(v) Basis of recordingFor recording business transactions, vouchers and other supporting documents are prepared.Book-keeping serves the  basis for accounting information. 
(vi) StageIt is the primary stage.It is the final stage.
(vii) Level of Person Engaged.Lower level mainly account clerks.Higher level mainly qualified accountants.

5. Explain the advantages and limitations of accounting.

Ans: Advantages of Accounting are discussed below:  

(i) Replaces memory: Since all the financial events are recorded in the books. The books of accounts will serve as historical records. Any information required at any time can be easily collected from these records. 

(ii) Meets the information requirements: Various interested parties such as owners, lenders, creditors, etc., get the necessary information at frequent intervals which help them in their decision making.

(iii) Assists the management in many other ways: The accounting information provided to the management helps them in taking rational decisions in planning and controlling all business activities. 

(iv) Facilitates a comparative study: With the help of accounting information one can compare the present performance of the enterprise with its past performance and also with that of similar organisations. 

(v) Acts as reliable evidence: Systematic record of business transactions is generally treated by courts as good evidence in case of disputes. 

(vi) Tax matters: The Government levies various taxes such as custom duty, excise duty, sales tax, and income tax. Properly maintained accounting records will help in the settlement of all tax matters with the tax authorities. 

(vii) Ascertaining value of business: In the event of sale of a business firm, the accounting records will help in ascertaining the correct value of business.

Limitations of Accounting are listed below: 

(i) Financial accounting permits alternative treatment: Accounting is based on concepts and it follows “Generally Accepted Principles” but there exists more than one principle for the treatment of any one item. This permits alternative treatments within the framework of Generally Accepted Principles.

(ii) Financial accounting is influenced by personal judgments: Accounting is influenced by personal judgments as one accountant may consider the life of a particular asset say 5 years whereas another accountant may consider the life of that asset say 6 years and the method of charging the depreciation on asset by both the accountants may also be different.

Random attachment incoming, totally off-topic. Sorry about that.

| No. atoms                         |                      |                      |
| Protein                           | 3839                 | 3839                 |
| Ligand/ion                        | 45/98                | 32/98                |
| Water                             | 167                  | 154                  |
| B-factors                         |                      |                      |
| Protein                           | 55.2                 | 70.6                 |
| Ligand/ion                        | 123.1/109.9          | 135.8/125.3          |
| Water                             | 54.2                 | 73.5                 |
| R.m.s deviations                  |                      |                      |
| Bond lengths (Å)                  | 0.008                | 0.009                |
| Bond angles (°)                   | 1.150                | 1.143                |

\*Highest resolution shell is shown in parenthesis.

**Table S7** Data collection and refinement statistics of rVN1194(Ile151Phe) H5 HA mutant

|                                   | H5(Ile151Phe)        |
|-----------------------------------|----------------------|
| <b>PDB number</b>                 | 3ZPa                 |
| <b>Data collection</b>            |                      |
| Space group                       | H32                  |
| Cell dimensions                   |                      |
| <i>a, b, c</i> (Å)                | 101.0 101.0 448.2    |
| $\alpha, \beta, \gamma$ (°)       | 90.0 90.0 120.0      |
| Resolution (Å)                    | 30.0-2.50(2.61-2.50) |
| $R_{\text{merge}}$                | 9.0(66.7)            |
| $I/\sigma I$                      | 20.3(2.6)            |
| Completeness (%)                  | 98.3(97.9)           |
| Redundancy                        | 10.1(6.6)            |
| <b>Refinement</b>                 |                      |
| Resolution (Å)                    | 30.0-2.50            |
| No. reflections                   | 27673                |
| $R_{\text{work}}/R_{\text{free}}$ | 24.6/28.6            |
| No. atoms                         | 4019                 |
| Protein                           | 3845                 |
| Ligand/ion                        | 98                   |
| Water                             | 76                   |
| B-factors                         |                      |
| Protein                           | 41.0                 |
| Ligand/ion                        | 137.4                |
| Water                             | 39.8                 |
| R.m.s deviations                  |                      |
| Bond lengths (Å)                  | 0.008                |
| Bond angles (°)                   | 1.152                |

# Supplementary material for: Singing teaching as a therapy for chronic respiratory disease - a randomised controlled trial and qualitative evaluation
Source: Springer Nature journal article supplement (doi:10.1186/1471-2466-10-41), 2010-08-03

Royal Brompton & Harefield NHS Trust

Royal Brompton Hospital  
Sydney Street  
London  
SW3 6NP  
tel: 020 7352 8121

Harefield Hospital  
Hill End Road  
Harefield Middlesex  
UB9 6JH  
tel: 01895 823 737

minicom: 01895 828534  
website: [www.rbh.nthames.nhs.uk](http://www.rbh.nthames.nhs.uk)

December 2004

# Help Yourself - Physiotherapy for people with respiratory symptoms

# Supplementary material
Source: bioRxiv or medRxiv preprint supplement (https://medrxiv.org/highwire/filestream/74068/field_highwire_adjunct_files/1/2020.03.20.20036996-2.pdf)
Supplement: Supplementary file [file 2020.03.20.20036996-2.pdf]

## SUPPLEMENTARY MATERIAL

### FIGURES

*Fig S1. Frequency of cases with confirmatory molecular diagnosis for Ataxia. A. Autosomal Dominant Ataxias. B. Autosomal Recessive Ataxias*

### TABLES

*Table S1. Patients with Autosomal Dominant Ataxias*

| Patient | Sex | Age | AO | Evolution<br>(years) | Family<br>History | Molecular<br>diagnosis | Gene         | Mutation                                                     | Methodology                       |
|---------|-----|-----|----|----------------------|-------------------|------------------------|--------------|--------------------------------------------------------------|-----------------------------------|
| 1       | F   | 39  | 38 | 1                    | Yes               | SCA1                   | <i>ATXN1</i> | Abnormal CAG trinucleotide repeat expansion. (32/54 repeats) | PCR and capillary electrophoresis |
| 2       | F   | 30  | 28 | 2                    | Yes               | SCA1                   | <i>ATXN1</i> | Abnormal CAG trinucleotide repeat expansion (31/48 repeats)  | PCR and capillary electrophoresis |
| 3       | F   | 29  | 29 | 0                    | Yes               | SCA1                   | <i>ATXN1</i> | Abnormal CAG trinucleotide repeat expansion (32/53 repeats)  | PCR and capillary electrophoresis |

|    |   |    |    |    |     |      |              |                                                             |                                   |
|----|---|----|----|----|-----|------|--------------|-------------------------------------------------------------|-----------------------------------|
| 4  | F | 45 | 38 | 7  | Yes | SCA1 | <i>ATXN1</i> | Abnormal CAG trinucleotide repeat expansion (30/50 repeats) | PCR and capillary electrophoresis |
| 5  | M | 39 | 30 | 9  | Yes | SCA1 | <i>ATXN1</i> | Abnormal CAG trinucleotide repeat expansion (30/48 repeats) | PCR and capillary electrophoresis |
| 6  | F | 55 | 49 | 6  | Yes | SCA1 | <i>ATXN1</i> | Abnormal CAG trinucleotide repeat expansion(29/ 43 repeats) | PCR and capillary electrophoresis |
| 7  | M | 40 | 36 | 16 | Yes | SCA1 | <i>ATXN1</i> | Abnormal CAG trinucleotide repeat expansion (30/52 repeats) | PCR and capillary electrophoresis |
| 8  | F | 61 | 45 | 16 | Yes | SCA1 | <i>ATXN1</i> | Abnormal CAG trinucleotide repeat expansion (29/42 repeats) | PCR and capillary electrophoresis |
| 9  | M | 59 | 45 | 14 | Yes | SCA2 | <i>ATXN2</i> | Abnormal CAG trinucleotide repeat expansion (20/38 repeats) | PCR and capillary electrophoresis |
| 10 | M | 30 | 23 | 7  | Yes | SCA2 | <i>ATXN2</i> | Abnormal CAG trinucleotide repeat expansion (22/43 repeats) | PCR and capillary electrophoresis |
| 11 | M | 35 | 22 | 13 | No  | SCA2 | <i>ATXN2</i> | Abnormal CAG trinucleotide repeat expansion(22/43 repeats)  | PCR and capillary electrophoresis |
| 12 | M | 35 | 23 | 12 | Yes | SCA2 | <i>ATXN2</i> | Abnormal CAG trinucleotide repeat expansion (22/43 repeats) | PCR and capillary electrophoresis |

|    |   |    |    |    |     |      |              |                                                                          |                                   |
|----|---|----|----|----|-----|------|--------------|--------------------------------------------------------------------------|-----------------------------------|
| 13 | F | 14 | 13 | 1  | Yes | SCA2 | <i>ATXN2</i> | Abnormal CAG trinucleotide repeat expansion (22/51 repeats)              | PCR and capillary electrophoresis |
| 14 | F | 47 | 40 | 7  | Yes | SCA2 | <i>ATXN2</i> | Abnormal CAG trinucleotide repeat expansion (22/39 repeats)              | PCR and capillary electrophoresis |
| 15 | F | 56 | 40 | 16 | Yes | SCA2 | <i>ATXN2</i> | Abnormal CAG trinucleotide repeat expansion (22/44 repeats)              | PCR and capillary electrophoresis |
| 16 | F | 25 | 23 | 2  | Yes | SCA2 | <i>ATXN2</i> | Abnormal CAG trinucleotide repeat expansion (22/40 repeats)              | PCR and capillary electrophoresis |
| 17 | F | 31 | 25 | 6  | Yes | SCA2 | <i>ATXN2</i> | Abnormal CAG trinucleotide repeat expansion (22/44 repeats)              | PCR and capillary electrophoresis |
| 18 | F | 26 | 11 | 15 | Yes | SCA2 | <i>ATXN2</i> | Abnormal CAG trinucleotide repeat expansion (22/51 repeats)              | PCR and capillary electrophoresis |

(iii) Financial accounting ignores non-monetary information: Financial accounting does not consider the transactions of non-monetary nature. For example, the extent of competition faced by the business, technical innovations possessed by the business, loyalty and efficiency of the employees etc.

(iv) Financial accounting does not provide timely information: Financial accounting is designed to supply information in the form of statements for a period normally one year.

6. What is a business transaction? Give five examples of business transactions.

Ans: An exchange of goods, services, or any other activity for money or money’s equivalent. It involves exchange of money also.” In simple words, it includes all events and activities of business which are financial in nature.

The five examples of business transactions are: 

(i) Abhishek starts a small shop with cash `1,00,000/-. In exchange, the owner (Abhishek) gets an ownership right against the business.

(ii) Abhishek withdraws goods costing Rs. 5,000/- from the shop for his own use. It is a business transaction. 

(iii) A retail store sells a laptop computer to a customer for Rs.1,000. This transaction involves the exchange of goods (the laptop) for money (Rs.1,000).

(iv) A small business pays Rs.2,000 in rent for office space. 

(v) A grocery store purchases Rs.5,000 worth of fresh produce from a supplier. 

7. Explain the different branches of Accounting.

Ans: Branches of Accounting: There are three branches of accounting: 

(i) Financial Accounting: Financial Accounting is concerned with recording financial transactions, summarising and interpreting them and communicating the results to users. It shows the profit or loss of a particular period & the position of the business on a particular date. 

(ii) Cost Accounting: It helps in finding out the cost of production of a product manufactured or services rendered and helps the management in decision making. 

(iii) Management Accounting: Management Accounting is concerned with generating accounting information relating to funds, costs, profits etc. as it enables the management in decision making.

8. Explain how accounting is useful to employees.

Ans: Accounting helps employers to keep track of their financial performance, which enables them to make informed decisions. The employees are interested in the financial statements on account of various profit sharing and bonus schemes. Their interest may further increase in case they purchase shares of the companies in which they are employed. They are interested in more wages or salary, bonus, overtime payments, medical facilities and their demands for these matters are based on profitability as provided by income statements.